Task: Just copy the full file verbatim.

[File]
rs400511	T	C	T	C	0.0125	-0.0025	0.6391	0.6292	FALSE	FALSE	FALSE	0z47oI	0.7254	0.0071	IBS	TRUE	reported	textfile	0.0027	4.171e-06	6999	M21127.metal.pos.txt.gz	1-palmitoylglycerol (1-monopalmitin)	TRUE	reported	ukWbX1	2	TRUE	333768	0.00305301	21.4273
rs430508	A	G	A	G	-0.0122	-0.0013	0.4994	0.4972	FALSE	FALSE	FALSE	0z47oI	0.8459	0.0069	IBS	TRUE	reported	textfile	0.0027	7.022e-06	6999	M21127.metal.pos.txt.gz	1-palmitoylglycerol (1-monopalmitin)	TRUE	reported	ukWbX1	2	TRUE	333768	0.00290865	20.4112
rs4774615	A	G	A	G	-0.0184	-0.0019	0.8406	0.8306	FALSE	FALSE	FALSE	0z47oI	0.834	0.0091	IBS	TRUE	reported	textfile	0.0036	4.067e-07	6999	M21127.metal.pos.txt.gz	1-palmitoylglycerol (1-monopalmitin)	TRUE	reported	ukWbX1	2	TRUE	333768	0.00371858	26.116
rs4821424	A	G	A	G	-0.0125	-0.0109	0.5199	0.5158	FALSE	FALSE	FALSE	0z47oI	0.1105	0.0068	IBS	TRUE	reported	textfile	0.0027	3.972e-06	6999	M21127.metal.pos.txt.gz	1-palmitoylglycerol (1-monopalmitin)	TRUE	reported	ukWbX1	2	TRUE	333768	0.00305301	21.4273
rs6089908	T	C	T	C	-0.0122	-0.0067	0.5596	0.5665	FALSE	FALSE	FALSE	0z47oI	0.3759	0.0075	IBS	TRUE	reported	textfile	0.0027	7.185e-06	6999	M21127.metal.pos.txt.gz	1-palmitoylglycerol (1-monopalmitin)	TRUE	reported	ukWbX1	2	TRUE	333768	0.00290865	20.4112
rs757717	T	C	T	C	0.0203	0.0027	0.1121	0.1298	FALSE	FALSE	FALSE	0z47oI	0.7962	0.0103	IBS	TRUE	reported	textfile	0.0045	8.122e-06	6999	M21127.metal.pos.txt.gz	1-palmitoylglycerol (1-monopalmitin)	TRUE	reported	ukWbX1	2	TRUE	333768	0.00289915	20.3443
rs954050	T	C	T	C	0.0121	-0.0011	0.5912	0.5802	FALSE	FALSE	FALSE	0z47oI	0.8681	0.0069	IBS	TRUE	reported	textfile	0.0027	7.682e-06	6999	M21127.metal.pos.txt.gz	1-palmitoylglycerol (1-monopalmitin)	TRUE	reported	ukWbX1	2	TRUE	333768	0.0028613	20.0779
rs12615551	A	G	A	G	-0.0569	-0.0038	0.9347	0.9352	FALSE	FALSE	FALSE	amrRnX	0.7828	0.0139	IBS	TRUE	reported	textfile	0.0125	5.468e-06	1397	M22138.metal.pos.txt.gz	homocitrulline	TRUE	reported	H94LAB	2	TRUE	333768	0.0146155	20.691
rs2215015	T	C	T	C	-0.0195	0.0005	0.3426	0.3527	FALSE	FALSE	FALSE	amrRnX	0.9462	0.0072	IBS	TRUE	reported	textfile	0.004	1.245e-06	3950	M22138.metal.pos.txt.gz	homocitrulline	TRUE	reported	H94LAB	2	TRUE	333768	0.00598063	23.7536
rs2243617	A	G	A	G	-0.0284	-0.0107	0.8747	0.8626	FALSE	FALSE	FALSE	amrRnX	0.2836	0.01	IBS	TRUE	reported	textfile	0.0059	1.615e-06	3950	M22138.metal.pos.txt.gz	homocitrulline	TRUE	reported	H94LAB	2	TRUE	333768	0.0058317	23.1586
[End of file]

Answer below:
rs400511	T	C	T	C	0.0125	-0.0025	0.6391	0.6292	FALSE	FALSE	FALSE	0z47oI	0.7254	0.0071	IBS	TRUE	reported	textfile	0.0027	4.171e-06	6999	M21127.metal.pos.txt.gz	1-palmitoylglycerol (1-monopalmitin)	TRUE	reported	ukWbX1	2	TRUE	333768	0.00305301	21.4273
rs430508	A	G	A	G	-0.0122	-0.0013	0.4994	0.4972	FALSE	FALSE	FALSE	0z47oI	0.8459	0.0069	IBS	TRUE	reported	textfile	0.0027	7.022e-06	6999	M21127.metal.pos.txt.gz	1-palmitoylglycerol (1-monopalmitin)	TRUE	reported	ukWbX1	2	TRUE	333768	0.00290865	20.4112
rs4774615	A	G	A	G	-0.0184	-0.0019	0.8406	0.8306	FALSE	FALSE	FALSE	0z47oI	0.834	0.0091	IBS	TRUE	reported	textfile	0.0036	4.067e-07	6999	M21127.metal.pos.txt.gz	1-palmitoylglycerol (1-monopalmitin)	TRUE	reported	ukWbX1	2	TRUE	333768	0.00371858	26.116
rs4821424	A	G	A	G	-0.0125	-0.0109	0.5199	0.5158	FALSE	FALSE	FALSE	0z47oI	0.1105	0.0068	IBS	TRUE	reported	textfile	0.0027	3.972e-06	6999	M21127.metal.pos.txt.gz	1-palmitoylglycerol (1-monopalmitin)	TRUE	reported	ukWbX1	2	TRUE	333768	0.00305301	21.4273
rs6089908	T	C	T	C	-0.0122	-0.0067	0.5596	0.5665	FALSE	FALSE	FALSE	0z47oI	0.3759	0.0075	IBS	TRUE	reported	textfile	0.0027	7.185e-06	6999	M21127.metal.pos.txt.gz	1-palmitoylglycerol (1-monopalmitin)	TRUE	reported	ukWbX1	2	TRUE	333768	0.00290865	20.4112
rs757717	T	C	T	C	0.0203	0.0027	0.1121	0.1298	FALSE	FALSE	FALSE	0z47oI	0.7962	0.0103	IBS	TRUE	reported	textfile	0.0045	8.122e-06	6999	M21127.metal.pos.txt.gz	1-palmitoylglycerol (1-monopalmitin)	TRUE	reported	ukWbX1	2	TRUE	333768	0.00289915	20.3443
rs954050	T	C	T	C	0.0121	-0.0011	0.5912	0.5802	FALSE	FALSE	FALSE	0z47oI	0.8681	0.0069	IBS	TRUE	reported	textfile	0.0027	7.682e-06	6999	M21127.metal.pos.txt.gz	1-palmitoylglycerol (1-monopalmitin)	TRUE	reported	ukWbX1	2	TRUE	333768	0.0028613	20.0779
rs12615551	A	G	A	G	-0.0569	-0.0038	0.9347	0.9352	FALSE	FALSE	FALSE	amrRnX	0.7828	0.0139	IBS	TRUE	reported	textfile	0.0125	5.468e-06	1397	M22138.metal.pos.txt.gz	homocitrulline	TRUE	reported	H94LAB	2	TRUE	333768	0.0146155	20.691
rs2215015	T	C	T	C	-0.0195	0.0005	0.3426	0.3527	FALSE	FALSE	FALSE	amrRnX	0.9462	0.0072	IBS	TRUE	reported	textfile	0.004	1.245e-06	3950	M22138.metal.pos.txt.gz	homocitrulline	TRUE	reported	H94LAB	2	TRUE	333768	0.00598063	23.7536
rs2243617	A	G	A	G	-0.0284	-0.0107	0.8747	0.8626	FALSE	FALSE	FALSE	amrRnX	0.2836	0.01	IBS	TRUE	reported	textfile	0.0059	1.615e-06	3950	M22138.metal.pos.txt.gz	homocitrulline	TRUE	reported	H94LAB	2	TRUE	333768	0.0058317	23.1586